- Consider tax-loss selling. By selling non-registered assets that have dropped below their purchase value you can generate a capital loss and use it to offset any capitalized gains you’ve realized in either the three previous years, this year, or in the future. To claim the loss, your trade must be settled before the annual government imposed deadline. Talk to a Credential Asset Management Inc. Mutual Funds Investment Specialist for this year’s settlement deadline.
- Make RESP contributions. Invest up to $2,500 in a Registered Education Savings Plan (RESP) before December 31st and you’ll qualify to receive a government-sponsored Canada Education Savings Grant of between 20-24% of your contribution (to a maximum of $600).
- Split your pension income. Transfer up to 50% of qualifying pension earnings to a lower income earning spouse or common-law partner. The transferred money will be taxed at their lower income tax rate.
- Pay your tax deductible expenses. To claim them for this tax year pay tax deductible expenses like alimony, professional fees, union dues, eligible accounting/legal fees, and medical bills by December 31st.
For advice on how to take advantage of these tax savings strategies, and a few others, drop by the investment area for CAM of your branch and talk with your Credential Asset Management Mutual Funds Investment Specialist. They’re here to help.
Mutual funds are offered through Credential Asset Management Inc. The information contained in this newsletter is provided as a general source of information and should not be considered personal tax advice, investment advice or solicitation to buy or sell any mutual funds. ®Credential is a registered mark owned by Credential Financial Inc. and is used under licence.
What do you do if the RRSP deadline is fast approaching and you don’t have the money to make a contribution? Simple. Borrow it.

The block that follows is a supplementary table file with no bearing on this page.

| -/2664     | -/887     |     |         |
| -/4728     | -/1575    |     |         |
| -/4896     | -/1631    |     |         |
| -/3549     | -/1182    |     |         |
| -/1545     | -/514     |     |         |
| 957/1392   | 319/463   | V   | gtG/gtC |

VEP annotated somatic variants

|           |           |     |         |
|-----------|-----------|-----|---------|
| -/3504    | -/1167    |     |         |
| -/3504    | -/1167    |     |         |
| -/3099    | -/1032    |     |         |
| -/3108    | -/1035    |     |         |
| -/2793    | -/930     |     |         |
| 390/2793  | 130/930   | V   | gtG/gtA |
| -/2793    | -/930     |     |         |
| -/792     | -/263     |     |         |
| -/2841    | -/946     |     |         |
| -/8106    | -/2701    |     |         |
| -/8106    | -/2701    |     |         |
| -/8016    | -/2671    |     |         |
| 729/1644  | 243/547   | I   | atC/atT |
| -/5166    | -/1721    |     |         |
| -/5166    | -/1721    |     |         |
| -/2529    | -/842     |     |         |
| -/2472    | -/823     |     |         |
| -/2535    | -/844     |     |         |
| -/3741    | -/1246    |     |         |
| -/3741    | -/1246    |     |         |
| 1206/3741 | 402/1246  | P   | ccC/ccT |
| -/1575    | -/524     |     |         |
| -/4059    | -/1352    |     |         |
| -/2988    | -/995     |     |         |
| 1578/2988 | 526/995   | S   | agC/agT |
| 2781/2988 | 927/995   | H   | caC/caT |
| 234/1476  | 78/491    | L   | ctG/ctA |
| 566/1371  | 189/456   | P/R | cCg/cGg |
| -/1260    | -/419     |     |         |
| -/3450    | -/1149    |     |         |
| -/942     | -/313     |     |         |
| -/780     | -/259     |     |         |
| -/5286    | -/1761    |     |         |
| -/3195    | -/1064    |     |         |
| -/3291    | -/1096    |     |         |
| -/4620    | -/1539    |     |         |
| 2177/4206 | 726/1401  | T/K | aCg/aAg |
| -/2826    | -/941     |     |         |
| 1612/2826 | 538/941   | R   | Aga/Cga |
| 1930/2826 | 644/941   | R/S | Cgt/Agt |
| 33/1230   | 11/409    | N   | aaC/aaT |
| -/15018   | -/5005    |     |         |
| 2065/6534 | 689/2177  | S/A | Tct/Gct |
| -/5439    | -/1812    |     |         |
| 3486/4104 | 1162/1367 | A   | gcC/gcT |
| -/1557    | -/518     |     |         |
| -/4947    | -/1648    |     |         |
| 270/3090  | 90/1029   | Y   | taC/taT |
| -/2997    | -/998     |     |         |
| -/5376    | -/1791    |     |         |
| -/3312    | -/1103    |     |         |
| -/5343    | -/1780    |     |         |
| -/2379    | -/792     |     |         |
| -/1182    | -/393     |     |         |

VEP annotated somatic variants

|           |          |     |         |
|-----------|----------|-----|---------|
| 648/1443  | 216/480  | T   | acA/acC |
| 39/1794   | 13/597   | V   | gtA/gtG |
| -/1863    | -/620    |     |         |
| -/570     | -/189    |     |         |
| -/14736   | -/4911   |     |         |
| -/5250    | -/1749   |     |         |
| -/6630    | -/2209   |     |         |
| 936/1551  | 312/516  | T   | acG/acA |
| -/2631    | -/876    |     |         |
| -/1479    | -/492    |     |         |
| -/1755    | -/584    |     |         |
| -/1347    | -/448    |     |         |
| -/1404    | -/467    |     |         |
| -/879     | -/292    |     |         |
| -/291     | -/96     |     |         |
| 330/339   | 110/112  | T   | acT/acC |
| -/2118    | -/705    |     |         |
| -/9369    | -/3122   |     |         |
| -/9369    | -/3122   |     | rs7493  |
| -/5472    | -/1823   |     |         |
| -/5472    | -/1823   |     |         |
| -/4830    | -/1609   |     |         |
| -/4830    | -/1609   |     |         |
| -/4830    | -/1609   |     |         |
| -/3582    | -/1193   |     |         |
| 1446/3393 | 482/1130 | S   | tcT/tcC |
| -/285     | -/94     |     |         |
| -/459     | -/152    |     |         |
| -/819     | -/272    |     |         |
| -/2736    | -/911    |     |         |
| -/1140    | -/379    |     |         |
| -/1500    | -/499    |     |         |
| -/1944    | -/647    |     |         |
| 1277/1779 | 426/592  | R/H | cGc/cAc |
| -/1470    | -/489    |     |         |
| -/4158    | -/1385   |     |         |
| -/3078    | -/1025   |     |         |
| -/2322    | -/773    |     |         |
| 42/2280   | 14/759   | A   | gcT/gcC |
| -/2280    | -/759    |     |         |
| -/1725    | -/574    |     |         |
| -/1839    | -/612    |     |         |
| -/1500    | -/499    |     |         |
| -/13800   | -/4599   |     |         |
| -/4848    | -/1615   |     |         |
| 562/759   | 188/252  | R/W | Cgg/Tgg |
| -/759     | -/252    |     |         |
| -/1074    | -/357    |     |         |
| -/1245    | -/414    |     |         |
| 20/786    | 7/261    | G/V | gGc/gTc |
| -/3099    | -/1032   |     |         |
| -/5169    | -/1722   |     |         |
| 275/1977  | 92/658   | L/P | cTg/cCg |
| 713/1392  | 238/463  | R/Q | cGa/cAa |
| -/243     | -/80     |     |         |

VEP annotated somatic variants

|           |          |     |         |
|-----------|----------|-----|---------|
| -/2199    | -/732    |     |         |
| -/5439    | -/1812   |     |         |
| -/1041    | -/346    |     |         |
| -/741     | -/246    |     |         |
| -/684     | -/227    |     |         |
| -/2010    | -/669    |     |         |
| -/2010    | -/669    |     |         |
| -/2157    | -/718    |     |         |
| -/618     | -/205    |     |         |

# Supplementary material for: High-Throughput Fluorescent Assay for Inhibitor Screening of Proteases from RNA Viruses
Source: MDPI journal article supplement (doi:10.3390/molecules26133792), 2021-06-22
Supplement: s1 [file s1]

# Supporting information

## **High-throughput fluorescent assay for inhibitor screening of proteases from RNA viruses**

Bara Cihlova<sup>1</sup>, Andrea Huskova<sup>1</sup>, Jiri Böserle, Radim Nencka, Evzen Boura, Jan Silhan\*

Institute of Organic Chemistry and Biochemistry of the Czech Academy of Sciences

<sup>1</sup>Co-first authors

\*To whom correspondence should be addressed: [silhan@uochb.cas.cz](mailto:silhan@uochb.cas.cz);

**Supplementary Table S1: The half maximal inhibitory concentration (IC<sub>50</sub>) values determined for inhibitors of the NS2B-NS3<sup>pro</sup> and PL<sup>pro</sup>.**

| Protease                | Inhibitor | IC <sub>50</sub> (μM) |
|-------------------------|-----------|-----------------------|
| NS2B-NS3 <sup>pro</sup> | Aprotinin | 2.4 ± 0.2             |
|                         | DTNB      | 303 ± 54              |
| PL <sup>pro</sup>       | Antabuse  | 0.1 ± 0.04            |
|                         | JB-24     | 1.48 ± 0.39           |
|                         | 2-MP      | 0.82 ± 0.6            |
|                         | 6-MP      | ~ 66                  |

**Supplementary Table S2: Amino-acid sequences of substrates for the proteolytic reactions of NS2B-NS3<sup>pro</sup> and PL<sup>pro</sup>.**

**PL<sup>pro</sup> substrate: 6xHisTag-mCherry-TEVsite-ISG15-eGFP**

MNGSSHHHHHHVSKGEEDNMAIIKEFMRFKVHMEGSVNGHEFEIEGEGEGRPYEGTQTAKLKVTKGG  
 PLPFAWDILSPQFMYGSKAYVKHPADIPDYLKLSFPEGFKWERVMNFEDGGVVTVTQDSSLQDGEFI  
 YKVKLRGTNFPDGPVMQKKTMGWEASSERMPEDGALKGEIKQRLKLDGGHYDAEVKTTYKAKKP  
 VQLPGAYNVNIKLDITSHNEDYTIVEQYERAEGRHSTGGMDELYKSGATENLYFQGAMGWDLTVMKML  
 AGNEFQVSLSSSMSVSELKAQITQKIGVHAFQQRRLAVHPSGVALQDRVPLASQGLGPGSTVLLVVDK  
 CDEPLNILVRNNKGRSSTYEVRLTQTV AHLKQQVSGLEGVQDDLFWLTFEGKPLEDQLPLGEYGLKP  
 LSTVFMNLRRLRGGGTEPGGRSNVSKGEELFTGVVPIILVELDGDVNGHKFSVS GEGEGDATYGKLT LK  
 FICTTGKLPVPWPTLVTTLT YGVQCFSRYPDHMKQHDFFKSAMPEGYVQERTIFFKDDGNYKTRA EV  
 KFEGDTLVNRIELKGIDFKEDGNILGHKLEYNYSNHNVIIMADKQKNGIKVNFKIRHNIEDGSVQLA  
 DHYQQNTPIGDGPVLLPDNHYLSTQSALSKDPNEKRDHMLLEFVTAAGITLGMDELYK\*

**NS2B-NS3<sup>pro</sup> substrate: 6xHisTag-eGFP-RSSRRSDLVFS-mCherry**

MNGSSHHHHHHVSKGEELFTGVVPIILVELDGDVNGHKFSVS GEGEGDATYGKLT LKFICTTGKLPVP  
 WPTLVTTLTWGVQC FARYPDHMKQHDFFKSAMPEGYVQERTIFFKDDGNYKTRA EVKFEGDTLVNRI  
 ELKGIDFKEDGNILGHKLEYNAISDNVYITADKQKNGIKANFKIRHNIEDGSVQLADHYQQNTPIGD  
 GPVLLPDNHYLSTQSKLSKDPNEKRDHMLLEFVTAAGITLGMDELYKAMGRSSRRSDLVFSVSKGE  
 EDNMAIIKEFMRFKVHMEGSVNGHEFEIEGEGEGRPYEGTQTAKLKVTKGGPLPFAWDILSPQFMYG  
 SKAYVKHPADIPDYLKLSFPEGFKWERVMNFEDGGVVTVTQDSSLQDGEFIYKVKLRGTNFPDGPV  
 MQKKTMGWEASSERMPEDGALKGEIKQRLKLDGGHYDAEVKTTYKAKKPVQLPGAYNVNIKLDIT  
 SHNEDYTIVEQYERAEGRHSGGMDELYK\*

Your RRSP contribution is an important part of ensuring a secure financial future. While it’s preferable to use existing savings to contribute to an RRSP, if you’re strapped for cash it may be better to borrow than to not make a contribution at all. If you skip just one $5,000 contribution, you could reduce the value of your RRSP by almost $17,000 over 25 years assuming a 5% average rate of return.
Putting off your RRSP contribution can impact your future cash flow and your retirement lifestyle. For starters, forgoing your RRSP contribution could reduce the tax refund you receive. It could also impede your ability to build a comfortable tax-sheltered retirement portfolio. Finally, it’s more difficult to save thousands of extra dollars to top up your RRSP years down the road – using the carry forward provision – than it is to make regular RRSP contributions now.
Even if money is tight, borrowing to make an RRSP contribution may make good financial sense – provided you pay down the loan quickly.
Keep in mind that interest on RRSP loans is not tax deductible. However, RRSPs have enough tax advantages to make carrying short-term debt worthwhile. Not only will you receive an immediate tax deduction for your contribution, but your RRSP investment compounds on a tax-deferred basis for as long as it remains in the plan. In most cases the immediate tax saving, plus the tax-deferred growth inside an RRSP will far outweigh the short-term interest costs of the loan.
In addition, you can use any tax refund you get on your 2008 taxes to help pay off your RRSP loan or to make an early RRSP contribution for the 2009 tax year. However, it may be prudent to pay off higher interest-bearing debts, such as an outstanding credit card balance, before you pay down your loan.
Contact us today and make an appointment to discuss your RRSP loan options.
This article is courtesy of Credential Asset Management Inc your credit union’s partner in providing you with wealth management services. ®Credential is a registered mark owned by Credential Financial Inc. and is used under license.
Mutual funds are offered through Credential Asset Management Inc. Using borrowed money to finance the purchase of securities involves greater risk than a purchase using cash resources only. If you borrow money to purchase securities, your responsibility to repay the loan and pay interest as required by its terms remains the same even if the value of the securities purchased declines. Commissions, trailing commissions, management fees and expenses all may be associated with mutual fund investments. Please read the prospectus before investing. Unless otherwise stated, mutual fund securities and cash balances are not insured nor guaranteed, their values change frequently and past performance may not be repeated. The information contained in this newsletter is provided as a general source of information and should not be considered personal tax advice, investment advice or solicitation to buy or sell any mutual funds. ®Credential is a registered mark owned by Credential Financial Inc. and is used under licence.